Tuesday, December 13, 2005

In Pursuit of Peace and Pillocks

I want Iraq to become a stable and peaceful country. Everyone reading this could, I'm sure, honestly say the same. No matter whether we supported or opposed the invasion, none of us wants the violence in Iraq to continue or increase. The people of Iraq have suffered a very great deal for a very long time* and no sensible person would wish them further hardships. So, despite the fact that I opposed the invasion, I desperately want it to succeed now that it has happened. It's hard to see how any other attitude could be justified. (I suppose it could be argued that failure would make future pre-emptive wars less likely and that this might make the world a safer place for future generations. To me, this means being prepared to sacrifice the safety of the population of an entire country based on the possibility that this might be of future benefit to the world and I'm not prepared to accept that for reasons I won't bore you with here.)

The difficulty is that my argument sounds very similar to the sort of thing Blair tends to say when pressed about Iraq. This is because Blair also knows that "it's hard to see how any other attitude could be justified". Politically, the man isn't the halfbrain he so clearly is when it comes to foreign policy. When he says we should "draw a line" under disagreements about his decision to remove weapons of mass destruction Saddam and concentrate on the future of Iraq there's a sense in which I actually agree with him. Yuck. At the same time, there's no way I can draw a line under the way his government has behaved with regard to Iraq, WMD, and, in particular, the spectacularly awful planning and conduct of the occupation. Horrendous mistakes were made and I won't ever draw a line under that until those responsible have been held to account. (Even those who supported the invasion would for the most part I suspect, agree that many very serious mistakes have been made by the coalition in Iraq.)

This isn't an easy circle to square as very many people who opposed the invasion will no doubt attest. How can we possibly support the Iraq project when the people who've made so many catastrophic errors are still the one's in charge? The easy solution is for Blair and Bush to resign. For me, there's more than enough evidence to justify this. To chose just one issue, President Bush's admission that for two and a half years the US military pursued a counter-insurgency strategy that had been abandoned as wholly ineffective in 1969 is utterly inexcusable**. That is an absolutely shameful admission and the fact that it hasn't caused an enormous outcry is something of a mystery to me.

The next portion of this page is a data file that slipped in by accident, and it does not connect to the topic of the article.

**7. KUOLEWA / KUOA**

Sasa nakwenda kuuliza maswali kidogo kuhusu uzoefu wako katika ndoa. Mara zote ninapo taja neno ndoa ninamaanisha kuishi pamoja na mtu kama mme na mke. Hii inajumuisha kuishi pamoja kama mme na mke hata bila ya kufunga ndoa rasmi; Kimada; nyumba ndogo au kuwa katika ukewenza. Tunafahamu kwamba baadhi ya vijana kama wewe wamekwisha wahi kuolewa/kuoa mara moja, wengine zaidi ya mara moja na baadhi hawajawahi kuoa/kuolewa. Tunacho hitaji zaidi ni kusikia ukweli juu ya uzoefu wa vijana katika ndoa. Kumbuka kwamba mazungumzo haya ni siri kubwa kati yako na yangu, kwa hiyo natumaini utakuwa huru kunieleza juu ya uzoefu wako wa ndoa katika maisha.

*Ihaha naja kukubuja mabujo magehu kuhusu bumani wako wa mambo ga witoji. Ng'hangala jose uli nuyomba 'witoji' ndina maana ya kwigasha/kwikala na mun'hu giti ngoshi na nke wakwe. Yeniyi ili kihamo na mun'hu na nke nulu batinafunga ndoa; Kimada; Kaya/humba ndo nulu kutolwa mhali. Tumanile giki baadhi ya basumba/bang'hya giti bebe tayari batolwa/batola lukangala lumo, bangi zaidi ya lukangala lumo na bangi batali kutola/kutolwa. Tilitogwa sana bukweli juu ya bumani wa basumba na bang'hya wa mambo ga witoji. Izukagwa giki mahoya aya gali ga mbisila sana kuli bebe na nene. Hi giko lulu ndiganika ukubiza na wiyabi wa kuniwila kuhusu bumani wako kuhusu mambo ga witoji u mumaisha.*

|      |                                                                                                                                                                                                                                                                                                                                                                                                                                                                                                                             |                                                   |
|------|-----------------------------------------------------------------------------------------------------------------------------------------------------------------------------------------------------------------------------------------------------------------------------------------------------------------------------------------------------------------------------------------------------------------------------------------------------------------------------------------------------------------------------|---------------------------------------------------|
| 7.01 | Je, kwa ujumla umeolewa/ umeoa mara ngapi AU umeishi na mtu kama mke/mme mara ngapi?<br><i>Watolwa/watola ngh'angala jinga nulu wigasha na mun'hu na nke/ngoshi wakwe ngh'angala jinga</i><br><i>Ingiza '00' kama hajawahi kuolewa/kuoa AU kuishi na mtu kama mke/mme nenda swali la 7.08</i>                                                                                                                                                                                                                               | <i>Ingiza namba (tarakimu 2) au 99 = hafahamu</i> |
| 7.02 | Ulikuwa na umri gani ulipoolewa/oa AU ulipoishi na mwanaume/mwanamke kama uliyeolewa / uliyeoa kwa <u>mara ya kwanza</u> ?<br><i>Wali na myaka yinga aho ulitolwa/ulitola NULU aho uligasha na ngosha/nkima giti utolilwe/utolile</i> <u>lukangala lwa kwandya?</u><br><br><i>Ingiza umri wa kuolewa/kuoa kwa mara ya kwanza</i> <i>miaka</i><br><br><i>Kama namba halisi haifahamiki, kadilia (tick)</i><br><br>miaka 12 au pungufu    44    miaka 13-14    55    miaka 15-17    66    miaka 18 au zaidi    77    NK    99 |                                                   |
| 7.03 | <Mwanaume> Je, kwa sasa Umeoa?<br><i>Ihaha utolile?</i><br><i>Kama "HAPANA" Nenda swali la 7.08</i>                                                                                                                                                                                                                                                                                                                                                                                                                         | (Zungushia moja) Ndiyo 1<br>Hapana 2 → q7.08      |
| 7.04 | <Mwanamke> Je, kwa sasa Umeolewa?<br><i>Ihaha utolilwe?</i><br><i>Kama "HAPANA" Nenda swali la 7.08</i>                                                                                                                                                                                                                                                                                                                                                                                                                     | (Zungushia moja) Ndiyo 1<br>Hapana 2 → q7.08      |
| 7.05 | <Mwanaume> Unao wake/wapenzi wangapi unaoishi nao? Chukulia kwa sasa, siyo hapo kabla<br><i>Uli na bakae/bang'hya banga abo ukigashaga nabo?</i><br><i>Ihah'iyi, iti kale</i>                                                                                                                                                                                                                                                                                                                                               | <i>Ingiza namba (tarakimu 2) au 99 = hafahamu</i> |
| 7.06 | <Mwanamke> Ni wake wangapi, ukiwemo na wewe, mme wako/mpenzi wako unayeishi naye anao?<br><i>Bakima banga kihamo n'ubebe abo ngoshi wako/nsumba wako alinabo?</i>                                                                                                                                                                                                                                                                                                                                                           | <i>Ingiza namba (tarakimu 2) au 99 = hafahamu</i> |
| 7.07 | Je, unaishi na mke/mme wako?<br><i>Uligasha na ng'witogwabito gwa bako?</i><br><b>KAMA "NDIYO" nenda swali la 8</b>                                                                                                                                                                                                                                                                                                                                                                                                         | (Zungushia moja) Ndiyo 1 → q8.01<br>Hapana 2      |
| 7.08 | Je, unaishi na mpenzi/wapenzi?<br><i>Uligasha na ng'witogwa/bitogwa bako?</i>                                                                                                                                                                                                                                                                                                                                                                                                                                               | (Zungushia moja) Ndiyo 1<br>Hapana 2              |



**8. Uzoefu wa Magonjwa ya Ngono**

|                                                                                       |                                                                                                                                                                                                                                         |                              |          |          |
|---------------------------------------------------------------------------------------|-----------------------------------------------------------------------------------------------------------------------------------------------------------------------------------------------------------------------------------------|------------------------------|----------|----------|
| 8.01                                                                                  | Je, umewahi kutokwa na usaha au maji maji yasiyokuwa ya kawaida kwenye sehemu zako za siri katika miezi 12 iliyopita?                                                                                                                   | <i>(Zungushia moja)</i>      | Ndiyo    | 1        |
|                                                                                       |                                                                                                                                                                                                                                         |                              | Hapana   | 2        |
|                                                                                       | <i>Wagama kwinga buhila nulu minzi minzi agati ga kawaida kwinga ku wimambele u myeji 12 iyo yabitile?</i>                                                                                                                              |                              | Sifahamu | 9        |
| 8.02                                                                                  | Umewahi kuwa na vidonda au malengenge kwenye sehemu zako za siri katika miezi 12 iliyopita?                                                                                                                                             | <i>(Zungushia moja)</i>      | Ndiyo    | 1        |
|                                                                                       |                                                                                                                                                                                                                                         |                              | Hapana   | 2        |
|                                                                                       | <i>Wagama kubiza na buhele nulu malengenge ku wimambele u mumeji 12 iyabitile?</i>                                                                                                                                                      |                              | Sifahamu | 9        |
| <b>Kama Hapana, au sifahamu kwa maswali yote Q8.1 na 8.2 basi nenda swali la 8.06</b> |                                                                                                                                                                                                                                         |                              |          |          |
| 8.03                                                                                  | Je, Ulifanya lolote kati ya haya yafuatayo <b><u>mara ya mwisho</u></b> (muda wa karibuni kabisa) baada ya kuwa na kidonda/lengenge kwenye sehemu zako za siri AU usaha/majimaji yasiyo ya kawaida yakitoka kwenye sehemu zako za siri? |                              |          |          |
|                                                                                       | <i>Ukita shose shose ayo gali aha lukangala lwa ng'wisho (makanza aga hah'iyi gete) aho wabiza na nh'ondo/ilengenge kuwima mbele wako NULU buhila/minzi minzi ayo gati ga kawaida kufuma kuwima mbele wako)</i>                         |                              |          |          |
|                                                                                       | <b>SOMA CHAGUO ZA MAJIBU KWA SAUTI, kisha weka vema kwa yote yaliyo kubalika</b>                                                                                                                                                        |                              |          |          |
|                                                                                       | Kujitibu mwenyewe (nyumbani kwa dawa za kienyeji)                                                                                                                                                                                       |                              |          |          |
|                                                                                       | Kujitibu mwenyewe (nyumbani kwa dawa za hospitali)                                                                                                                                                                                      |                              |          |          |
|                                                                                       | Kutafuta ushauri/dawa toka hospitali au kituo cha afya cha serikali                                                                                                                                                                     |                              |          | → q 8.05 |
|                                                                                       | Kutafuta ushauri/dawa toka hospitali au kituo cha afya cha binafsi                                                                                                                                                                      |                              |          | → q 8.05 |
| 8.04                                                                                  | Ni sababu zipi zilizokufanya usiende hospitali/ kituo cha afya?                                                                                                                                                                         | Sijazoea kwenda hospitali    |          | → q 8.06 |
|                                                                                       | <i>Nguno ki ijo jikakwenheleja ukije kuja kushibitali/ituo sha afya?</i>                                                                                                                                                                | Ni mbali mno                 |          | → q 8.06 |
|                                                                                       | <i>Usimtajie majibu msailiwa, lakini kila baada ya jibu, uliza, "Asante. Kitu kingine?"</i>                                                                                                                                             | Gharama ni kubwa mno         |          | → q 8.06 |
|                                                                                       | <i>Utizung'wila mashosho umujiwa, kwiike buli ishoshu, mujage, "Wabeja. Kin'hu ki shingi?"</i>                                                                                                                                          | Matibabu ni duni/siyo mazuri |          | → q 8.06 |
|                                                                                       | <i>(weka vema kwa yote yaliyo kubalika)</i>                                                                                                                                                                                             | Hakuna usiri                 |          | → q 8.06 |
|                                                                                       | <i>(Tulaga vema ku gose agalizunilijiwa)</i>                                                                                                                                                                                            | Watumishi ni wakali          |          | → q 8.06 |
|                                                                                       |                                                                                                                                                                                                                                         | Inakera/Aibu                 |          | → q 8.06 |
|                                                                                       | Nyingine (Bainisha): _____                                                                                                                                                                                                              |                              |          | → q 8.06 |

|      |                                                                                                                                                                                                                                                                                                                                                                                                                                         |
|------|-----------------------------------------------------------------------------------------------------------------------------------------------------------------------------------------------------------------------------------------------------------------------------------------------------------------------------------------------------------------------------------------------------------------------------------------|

The reality is that, at least in the short term, neither Bush nor Blair shows any sign of going anywhere. Some sort of artificial division, a line in the sand in fact, really does need to be drawn to try to create a cohesive position in the face of this situation. This is my attempt to articulate my version. It comes in two parts and borders dangerously close to doublethink in places.

Part One - In Pursuit of the Pillocks
Whatever your thoughts on the wisdom of the invasion, it can't really be denied that it has been handled extremely badly. From the overstatement of evidence of WMD, to the frankly manufactured evidence of connections between Saddam and Osama, the stated reasons for the invasion were, in the end, untruthful. The manipulative way in which the coalition justified the invasion did great damage to US and UK credibility in the Muslim world and handed an enormously powerful recruiting tool to extremists. This could easily have been avoided by the simple expedient of using the currently popular reason for the invasion from the beginning. Instead, their main justification for the war was based on intelligence they knew to be far less conclusive than they claimed and they got found out when their "sincerely held" beliefs turned out to be sincerely wrong. It's no wonder many Muslims think their intentions were dishonest; I do to. The people responsible for this are pillocks and should be held to account. This is a problem entirely of their own making.

Then there's the occupation. Very few people, I think, are going to argue that the occupation has been handled well. It has been a litany of mistakes from the very beginning. Post-war planning "was as inept and incompetent as perhaps any planning anyone has ever done" according Colonel Wilkerson (Cloin Powell's chief of staff in 2003). From Jay Garner, to that extraordinary Top Gun moment in May 2003, to Abu Ghraib, to more than two years of futile "search and destroy" missions... the list of mistakes is a very long one indeed. The people responsible for this are pillocks and should be held to account. These errors are entirely of their own making. The knowledge required to avoid making these mistakes was (and still is) freely available from any decent university International Relations department.

The chances of Iraq sucessfully achieving stability have been seriously damaged by the flawed justification for the invasion, the almost total lack of post-war planning and the sheer incompetance of the occupation. What was always going to be very difficult has been made more difficult still. Pillocks. Whatever happens in Iraq from here on in, Bush and Blair must be held to account for these inexcusable errors of judgement. Until that happens, I, and I'm sure huge numbers of others who feel the same way, will never tire of highlighting these issues.

Part Two - In Pursuit of Peace